With horrific headlines continuing to come from Nigeria, a persecution watchdog is warning “all of the indicators are negative” as the situation devolves.
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Joel Veldkamp, head of international communications at Christian Solidarity International (CSI), told CBN’s Faithwire a recent election in Nigeria is just one of the signs the circumstances are crumbling.
“Nigeria became a democracy in the year 2000, after many decades of military rule by northern Muslim military rulers,” he said. “And when they made the transition to democracy, they had kind of an informal custom that, if the president was a Christian, the vice president would be a Muslim, and if the president was a Muslim, the vice president would be a Christian.”
Likewise, if there was a Christian president, the one who followed would generally be a Muslim and vice-versa — a system bent on attempting to ensure all people in the country had representation.
“This was not written down anywhere, but this was just kind of a tradition that everyone understood, and everyone honored,” Veldkamp said.
Watch him explain the issues unfolding in Nigeria:
But now Veldkamp said the nation is coming off eight years of having a Muslim president, and the most recent election in March saw a Muslim come into both the presidential and vice presidential positions.
While political parties traditionally pair a Christian and Muslim for the presidential and vice presidential tickets, Bola Tinubu of the All Progressive Congress Party, who won Nigeria’s February election, was part of an all-Islamic pairing; he ran alongside Sen. Kashim Shettima.
“The Nigerian political establishment has completely thrown this arrangement out the window at a time when violence against Christians in Nigeria has never been higher when Christians in Nigeria’s Middle Belt region are being systematically driven out of their villages,” he said. “The month after the election saw something like 130 Christian villagers killed in a state called Kaduna, which is really on the front lines of all this fighting, so all of the indicators are negative right now.”
Veldkamp said it will take time for Christians in the southern region of Nigeria to feel the full impact of what’s unfolding, though the current events in the Middle Belt are quickly exacerbating.
“I can very well see an acceleration of attacks on Christian villages [to] the point where it becomes impossible for Christians to live there,” he said. “And this place that used to be home to hundreds of different Christian groups is just 100% Muslim, and all of these people have been internally displaced. They’ve lost their homes. They’ve lost their homeland.”
Veldkamp said once the Middle Belt goes, it will mean two of Nigeria’s three big regions will be “controlled by Muslim elites.”
“The Christians in the south are going to find themselves very lonely in this new political arrangement,” he said.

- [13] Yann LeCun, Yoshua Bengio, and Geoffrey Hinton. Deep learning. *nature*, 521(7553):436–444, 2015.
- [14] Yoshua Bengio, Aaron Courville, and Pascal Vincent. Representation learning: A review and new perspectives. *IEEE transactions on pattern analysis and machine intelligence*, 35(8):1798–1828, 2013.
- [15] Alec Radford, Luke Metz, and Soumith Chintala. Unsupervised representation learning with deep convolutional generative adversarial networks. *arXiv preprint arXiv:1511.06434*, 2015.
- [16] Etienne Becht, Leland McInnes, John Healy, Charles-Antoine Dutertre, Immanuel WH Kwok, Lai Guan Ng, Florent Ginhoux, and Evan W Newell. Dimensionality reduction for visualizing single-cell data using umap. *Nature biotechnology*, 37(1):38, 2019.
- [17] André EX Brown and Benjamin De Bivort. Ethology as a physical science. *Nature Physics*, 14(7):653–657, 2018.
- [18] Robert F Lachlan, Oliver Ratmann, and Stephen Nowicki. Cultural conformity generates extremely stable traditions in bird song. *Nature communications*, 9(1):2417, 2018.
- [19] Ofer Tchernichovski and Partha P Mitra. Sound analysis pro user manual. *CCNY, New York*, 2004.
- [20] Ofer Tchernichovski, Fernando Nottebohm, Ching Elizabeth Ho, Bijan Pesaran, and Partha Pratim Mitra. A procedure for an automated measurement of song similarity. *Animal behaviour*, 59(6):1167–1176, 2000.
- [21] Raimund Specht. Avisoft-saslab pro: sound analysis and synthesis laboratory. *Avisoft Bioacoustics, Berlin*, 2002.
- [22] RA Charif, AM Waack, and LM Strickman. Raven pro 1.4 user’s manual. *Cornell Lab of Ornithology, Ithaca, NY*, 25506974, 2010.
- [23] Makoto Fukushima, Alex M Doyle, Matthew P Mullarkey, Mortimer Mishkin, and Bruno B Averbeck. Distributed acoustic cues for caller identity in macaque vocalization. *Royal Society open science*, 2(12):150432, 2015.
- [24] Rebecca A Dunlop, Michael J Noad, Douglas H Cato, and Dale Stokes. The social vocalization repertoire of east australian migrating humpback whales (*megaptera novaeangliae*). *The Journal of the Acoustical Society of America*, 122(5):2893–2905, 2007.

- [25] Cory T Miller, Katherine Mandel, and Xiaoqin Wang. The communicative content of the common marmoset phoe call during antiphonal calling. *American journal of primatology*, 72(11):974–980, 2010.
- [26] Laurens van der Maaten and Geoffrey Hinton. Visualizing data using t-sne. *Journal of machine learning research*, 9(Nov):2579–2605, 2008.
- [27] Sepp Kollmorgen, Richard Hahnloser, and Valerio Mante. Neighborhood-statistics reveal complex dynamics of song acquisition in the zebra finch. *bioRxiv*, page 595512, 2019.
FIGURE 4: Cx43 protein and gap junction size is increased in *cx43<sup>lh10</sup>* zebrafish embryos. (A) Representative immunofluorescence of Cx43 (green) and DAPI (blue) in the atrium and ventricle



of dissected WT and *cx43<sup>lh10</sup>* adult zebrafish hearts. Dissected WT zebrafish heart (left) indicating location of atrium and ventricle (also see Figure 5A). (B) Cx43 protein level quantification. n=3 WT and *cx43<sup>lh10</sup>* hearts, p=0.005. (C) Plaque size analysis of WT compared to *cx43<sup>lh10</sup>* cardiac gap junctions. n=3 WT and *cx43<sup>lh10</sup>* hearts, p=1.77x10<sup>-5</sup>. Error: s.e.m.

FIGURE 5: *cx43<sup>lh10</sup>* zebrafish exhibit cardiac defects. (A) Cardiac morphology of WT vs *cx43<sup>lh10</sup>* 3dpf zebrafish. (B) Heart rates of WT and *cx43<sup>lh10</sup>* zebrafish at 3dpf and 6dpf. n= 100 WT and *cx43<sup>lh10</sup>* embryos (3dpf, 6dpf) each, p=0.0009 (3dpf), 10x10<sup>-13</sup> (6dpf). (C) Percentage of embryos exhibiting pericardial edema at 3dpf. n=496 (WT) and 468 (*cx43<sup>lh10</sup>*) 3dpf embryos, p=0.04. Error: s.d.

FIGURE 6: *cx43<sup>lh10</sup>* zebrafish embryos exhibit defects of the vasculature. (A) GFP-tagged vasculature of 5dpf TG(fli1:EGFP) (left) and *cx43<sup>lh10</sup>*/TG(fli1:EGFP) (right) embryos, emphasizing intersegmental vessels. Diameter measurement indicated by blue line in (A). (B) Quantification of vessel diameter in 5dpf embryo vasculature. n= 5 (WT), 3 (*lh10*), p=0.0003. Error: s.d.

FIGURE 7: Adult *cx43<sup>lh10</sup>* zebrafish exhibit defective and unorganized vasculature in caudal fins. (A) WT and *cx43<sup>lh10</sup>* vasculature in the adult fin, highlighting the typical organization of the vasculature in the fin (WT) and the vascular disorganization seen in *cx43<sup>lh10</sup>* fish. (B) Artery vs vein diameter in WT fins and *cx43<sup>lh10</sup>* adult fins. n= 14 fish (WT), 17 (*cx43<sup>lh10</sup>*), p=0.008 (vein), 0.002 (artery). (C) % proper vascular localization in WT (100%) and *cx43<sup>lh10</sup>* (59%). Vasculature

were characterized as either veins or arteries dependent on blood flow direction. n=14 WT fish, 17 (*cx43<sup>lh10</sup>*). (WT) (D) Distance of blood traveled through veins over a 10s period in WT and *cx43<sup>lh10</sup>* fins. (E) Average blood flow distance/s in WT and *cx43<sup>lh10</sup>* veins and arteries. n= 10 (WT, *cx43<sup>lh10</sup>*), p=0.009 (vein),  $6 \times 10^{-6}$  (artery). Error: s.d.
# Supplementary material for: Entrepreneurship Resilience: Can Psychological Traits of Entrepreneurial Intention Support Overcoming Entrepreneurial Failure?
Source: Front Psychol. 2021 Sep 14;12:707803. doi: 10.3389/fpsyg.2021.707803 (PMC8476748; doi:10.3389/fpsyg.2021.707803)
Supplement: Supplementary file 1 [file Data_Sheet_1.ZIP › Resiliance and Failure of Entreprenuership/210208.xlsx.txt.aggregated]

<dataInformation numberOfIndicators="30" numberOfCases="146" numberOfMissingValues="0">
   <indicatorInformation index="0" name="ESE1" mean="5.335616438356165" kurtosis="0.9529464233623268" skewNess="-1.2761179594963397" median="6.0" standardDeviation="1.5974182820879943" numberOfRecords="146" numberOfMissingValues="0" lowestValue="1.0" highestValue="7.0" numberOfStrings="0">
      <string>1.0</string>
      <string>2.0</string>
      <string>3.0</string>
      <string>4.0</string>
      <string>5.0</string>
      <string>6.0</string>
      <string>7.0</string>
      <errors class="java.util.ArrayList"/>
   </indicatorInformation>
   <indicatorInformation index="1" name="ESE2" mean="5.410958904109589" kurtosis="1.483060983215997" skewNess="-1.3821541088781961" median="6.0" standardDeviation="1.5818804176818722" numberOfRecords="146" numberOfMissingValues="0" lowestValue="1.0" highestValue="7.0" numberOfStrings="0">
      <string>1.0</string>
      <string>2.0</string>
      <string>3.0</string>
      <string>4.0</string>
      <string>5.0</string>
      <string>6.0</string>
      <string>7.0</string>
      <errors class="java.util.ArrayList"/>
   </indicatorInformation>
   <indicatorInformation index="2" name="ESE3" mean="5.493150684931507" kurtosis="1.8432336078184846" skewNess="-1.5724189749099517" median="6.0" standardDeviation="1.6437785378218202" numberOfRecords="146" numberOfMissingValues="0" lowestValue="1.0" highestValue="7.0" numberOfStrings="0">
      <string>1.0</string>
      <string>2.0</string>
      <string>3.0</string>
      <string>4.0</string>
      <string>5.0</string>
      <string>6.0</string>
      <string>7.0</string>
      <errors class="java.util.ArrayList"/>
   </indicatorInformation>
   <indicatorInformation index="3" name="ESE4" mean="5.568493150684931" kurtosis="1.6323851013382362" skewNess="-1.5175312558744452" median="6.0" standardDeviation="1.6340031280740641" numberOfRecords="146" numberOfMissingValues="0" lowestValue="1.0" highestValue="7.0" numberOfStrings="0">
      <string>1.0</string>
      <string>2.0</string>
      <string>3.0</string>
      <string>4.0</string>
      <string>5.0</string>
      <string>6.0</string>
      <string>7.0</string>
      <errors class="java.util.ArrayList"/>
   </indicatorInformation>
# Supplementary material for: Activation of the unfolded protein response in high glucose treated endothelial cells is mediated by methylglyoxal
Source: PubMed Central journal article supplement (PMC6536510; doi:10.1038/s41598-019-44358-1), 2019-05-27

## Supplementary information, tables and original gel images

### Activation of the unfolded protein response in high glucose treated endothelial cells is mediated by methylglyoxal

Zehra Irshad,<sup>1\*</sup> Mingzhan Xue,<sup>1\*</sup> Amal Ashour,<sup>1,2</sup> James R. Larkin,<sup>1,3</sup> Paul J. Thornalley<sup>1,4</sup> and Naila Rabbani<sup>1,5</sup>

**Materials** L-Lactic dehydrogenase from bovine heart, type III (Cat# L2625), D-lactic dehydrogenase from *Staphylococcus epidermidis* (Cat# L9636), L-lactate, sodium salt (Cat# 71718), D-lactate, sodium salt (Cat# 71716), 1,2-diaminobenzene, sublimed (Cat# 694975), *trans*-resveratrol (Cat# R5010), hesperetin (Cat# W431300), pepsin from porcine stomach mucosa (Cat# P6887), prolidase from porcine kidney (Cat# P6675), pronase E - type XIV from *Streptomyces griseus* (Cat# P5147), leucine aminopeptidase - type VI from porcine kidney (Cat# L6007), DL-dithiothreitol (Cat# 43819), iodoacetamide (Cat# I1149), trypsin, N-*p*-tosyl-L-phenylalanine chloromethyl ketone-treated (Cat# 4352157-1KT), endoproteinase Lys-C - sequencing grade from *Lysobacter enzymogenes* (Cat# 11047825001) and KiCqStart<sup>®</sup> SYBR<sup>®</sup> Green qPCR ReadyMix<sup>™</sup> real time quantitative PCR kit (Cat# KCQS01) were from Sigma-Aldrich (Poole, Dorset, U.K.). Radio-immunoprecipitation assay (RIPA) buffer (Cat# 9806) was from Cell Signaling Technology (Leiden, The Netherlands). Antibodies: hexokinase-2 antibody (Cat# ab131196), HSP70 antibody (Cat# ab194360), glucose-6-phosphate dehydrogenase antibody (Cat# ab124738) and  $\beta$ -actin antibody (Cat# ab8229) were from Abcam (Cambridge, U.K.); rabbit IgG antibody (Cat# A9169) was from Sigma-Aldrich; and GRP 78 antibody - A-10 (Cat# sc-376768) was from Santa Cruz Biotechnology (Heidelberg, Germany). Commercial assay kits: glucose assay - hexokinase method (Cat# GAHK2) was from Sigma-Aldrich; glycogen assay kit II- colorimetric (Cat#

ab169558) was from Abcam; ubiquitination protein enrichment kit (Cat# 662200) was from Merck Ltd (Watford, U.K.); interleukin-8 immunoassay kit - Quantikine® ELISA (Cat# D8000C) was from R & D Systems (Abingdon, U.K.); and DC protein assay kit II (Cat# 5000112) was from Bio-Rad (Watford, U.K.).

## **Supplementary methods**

As CBN’s Faithwire has reported, the situation inside Nigeria is grim. Yet, the Biden administration again declined in December to add Nigeria to the U.S. Department of State’s Countries of Particular Concern list, a designation targeting nations restricting or complicit in religious freedom violations.
The Trump administration had previously placed Nigeria on the list in 2020 before the Biden administration removed the nation. The recent decision to keep Nigeria off the list has riled religious freedom advocates frustrated by the U.S. government’s approach.
In December, Veldkamp shared some of the stories unfolding inside the region, revealing conversations with priests in Nigeria who witnessed and experienced the unthinkable.
“Earlier in the week, I had talked to two different priests from two different states in Nigeria,” he said at the time. “One is in the middle of the country, and one is in the deep south of the country. One priest… had just visited a village where 20 Christians were killed the week before. He met a father who saw four of his children killed in front of his eyes.”
This same priest met another mother and father who lost one of their children and saw homes being burned to the ground. One of those interview subjects somberly said, “I stood on the ashes of human beings.”
The second priest came from the deep south of Nigeria, where Christians had been, until recently, “relatively safe,” according to Veldkamp.
But that priest witnessed a massive attack on his village by the Fulani ethnic group, leaving around 12 dead. The faith leader had reportedly warned authorities but to no avail.
In recent months, atrocities have continued. Late last year, dozens of Christians were kidnapped. And a Christian woman was reportedly murdered in August 2022 while cleaning her church.
Lyop Dalyop was purportedly sweeping and cleaning Church of Christ in Nations (COCIN) on Aug. 27 in the Plateau state when she was shot and killed by suspected Fulani herdsmen.
Separately, last July, a Nigerian pastor and his sons were attacked in the Adamawa state, an area known for Islamic extremism. And an attack on a church on Pentecost Sunday in Nigeria in early June killed at least 50 people, with militants using guns and bombs.
These instances only cover a small portion of the horrors Christians have faced.
Open Doors’ 2023 World Watch List ranks Nigeria as the sixth most dangerous place in the world to live as a Christian, up one spot from the previous year.
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